Been reading Beth Kanter and Allison Fine’s guidebook for nonprofits adjusting to social media, The Networked Nonprofit. Most of the book discusses how to engage in social media as an official organization, when you have employees and schedules and rules. However, there’s one big concept in there which I’d say those using online media need to remember as much as those working mainly offline: social capital.
Social capital involves people becoming inspired to take action because people close to them are. Or, networking by using the resources available among their closest circle of family, friends and coworkers. For example, an unemployed person can draw upon social capital by asking the people they know who are working in their field if they know of any openings. Or, an organization or author can reach out to those they’re already close to or working with in some way for donations and sales.
If you received an email asking for contributions to an animal shelter, you’d probably pay more attention if it came from a friend or family member. Or, if you had money to donate at the end of the month, you’d likely first consider the organizations where you already volunteered or that had served you or those you knew in the past. A nonprofit fundraising seminar I attended a couple years back said that organizations often raised more cash by asking those already on their other mailing lists, who participated with them by volunteering, using services, etc to give than by just going after the wealthiest people to whom they had access.
That’s social capital in action, with the organizations building a relationship with you and those close to you and drawing upon it as a resource to help meet their clients’ needs. And authors can use their social capital to reach out to potential readers.
Rather than targeting random people with information about your book, start with those you already know. And get to know those you ‘sort of know’ better, in a real way that involves helping them and isn’t just about you.
An author is like a nonprofit or company, in that they and their books/products have a concept or basic idea (like a company or nonprofit mission), a style (like a brand), a new idea or need to fill (market niche) and readers, critics, bookstore owners (customers and clients) to serve. And an author, like a nonprofit or company manager, must communicate effectively (or hire someone who does) and stay relevant and financially sustainable in order to keep operating.
For those of you who say you write for the craft and don’t care about audience preferences…that’s fine also, publicity doesn’t have to involve watering down your craft, any more than it would for a high-end custom furniture craftsperson. It’s just a matter of letting the right people, who would appreciate and invest in your writing, know you exist, and developing continuing, mutual relationships with them.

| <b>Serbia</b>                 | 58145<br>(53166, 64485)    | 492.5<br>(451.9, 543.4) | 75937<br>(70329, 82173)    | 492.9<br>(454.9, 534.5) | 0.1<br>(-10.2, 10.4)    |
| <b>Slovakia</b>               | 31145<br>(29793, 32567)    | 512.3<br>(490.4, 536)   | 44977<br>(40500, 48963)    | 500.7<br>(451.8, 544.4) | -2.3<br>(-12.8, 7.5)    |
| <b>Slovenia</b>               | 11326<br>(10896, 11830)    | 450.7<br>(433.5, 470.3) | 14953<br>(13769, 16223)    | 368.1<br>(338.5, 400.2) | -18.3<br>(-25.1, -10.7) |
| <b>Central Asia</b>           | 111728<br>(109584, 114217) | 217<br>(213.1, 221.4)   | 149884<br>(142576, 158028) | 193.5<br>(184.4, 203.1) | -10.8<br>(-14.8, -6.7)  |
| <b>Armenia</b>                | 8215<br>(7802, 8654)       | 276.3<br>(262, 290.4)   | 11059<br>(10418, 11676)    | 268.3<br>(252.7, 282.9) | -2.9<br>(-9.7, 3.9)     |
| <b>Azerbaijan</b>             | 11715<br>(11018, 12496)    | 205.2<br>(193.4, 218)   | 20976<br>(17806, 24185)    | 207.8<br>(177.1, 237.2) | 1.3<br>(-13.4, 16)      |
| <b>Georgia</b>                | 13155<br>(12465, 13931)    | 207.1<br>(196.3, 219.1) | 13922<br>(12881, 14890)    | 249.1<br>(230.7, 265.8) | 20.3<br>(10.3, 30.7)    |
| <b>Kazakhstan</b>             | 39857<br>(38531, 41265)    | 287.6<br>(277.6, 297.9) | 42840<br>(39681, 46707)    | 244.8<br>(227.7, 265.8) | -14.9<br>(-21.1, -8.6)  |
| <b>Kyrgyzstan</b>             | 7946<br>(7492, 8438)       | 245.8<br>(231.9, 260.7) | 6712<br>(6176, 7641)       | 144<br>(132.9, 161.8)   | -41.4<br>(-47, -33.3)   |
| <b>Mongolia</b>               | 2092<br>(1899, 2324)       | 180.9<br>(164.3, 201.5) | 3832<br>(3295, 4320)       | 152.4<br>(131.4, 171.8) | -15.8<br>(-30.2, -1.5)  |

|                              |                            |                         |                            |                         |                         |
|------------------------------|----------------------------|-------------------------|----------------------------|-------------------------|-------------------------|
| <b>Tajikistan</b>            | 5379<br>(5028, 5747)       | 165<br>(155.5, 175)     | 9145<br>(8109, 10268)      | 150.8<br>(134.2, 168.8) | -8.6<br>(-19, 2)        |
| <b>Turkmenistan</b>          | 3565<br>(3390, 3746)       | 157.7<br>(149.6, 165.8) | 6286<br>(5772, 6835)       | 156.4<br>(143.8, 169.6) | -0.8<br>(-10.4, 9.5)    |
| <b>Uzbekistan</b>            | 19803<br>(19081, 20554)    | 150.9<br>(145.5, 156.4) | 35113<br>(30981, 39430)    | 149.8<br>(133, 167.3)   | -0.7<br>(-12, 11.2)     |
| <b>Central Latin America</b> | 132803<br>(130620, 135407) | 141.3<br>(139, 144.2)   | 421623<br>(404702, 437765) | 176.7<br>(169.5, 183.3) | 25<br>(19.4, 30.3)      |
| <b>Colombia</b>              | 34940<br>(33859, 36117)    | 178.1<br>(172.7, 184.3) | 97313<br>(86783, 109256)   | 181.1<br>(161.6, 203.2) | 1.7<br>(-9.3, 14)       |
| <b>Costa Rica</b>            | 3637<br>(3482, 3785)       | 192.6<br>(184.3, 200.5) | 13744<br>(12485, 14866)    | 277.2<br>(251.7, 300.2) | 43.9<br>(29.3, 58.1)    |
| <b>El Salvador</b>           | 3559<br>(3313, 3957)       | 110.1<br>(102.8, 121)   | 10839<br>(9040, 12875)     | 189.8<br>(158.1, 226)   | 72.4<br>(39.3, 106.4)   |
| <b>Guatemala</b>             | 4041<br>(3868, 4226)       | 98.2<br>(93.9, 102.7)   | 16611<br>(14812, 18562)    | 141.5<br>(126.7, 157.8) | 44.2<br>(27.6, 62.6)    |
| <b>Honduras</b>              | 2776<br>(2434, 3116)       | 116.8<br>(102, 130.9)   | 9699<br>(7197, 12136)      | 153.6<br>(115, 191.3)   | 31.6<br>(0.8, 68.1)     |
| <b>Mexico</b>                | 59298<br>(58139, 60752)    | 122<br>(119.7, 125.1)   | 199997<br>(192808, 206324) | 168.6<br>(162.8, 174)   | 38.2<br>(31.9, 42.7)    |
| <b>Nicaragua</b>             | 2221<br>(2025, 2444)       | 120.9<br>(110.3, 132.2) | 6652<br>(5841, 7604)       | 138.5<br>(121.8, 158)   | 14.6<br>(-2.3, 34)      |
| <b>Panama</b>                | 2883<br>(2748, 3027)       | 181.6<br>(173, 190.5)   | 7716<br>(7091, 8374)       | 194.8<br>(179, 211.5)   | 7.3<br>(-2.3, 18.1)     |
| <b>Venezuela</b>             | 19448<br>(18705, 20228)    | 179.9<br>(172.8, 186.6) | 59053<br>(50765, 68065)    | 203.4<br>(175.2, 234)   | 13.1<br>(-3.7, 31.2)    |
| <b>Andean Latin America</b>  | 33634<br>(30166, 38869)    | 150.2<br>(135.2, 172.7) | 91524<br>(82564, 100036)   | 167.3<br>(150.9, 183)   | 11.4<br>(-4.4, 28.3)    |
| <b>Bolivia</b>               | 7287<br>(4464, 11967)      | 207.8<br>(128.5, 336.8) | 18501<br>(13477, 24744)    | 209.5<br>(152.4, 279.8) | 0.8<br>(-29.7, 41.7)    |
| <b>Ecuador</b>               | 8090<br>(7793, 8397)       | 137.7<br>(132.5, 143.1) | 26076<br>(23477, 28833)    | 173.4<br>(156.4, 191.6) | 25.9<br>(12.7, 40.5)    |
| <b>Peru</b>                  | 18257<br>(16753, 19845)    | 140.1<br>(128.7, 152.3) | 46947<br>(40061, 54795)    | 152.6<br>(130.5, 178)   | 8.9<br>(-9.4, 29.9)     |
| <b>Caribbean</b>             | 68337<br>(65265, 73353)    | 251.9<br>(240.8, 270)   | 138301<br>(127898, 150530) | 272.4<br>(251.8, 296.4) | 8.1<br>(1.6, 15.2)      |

And most authors can build upon social capital in a few ways.
In terms of offline relationships, don’t be afraid to let those closest to you know about your book and where to buy it. Don’t become a one-note monotone and overwhelm them, but don’t ignore them just because they’re your cousin, sister, brother, neighbor, friend, coworker, frisbee or dance team member, etc. Sometimes we try so hard to build a relevant audience, which is good and necessary, but we forget about those we already know. And I’m not saying make them feel they have to buy your book because they know you…just let them know it’s available and don’t assume they won’t.
For online relationships - many people have hundreds of ‘likes’ and fans, followers and Facebook friends. That’s great, but are you investing in those relationships? Do you update your pages and groups with new information at least once a week? That doesn’t have to mean writing a whole other novel online. Just a few helpful or funny links, a guest post from an author in your genre you admire, or a quiz, or a link to a relevant news article or information that would help your readers.
And, are you reaching out to people? Do you comment on other authors’ pages and like and share their work? Readers have room for many favorite authors in their chosen genres, and cross-promotion’s good for authors, to keep up morale in a solitary sport and help each other get noticed. Do you find the groups and pages where your potential readers belong, and engage them in discussion and answer their questions?
If you write fiction, start fun reminiscences about people’s childhood favorite books, or start discussions about the situations your characters face. If you write nonfiction, provide informational links about the topics of your books, and answer people’s questions. Don’t be squeamish about giving free advice, it lets people know you genuinely care about them and your topic, and gives a hint of what’s to come in your book. If you’re a poet, post a few sample poems and spotlight the writing of other poets you admire, and encourage your audience to write and share poetry of their own.
Looking forward to seeing how you build your own social capital! If you’d like help with this process, someone to handle a lot of the work and provide advice, please feel free to visit Authors, Large and Small online here: http://www.indiegogo.com/projects/authors-large-and-small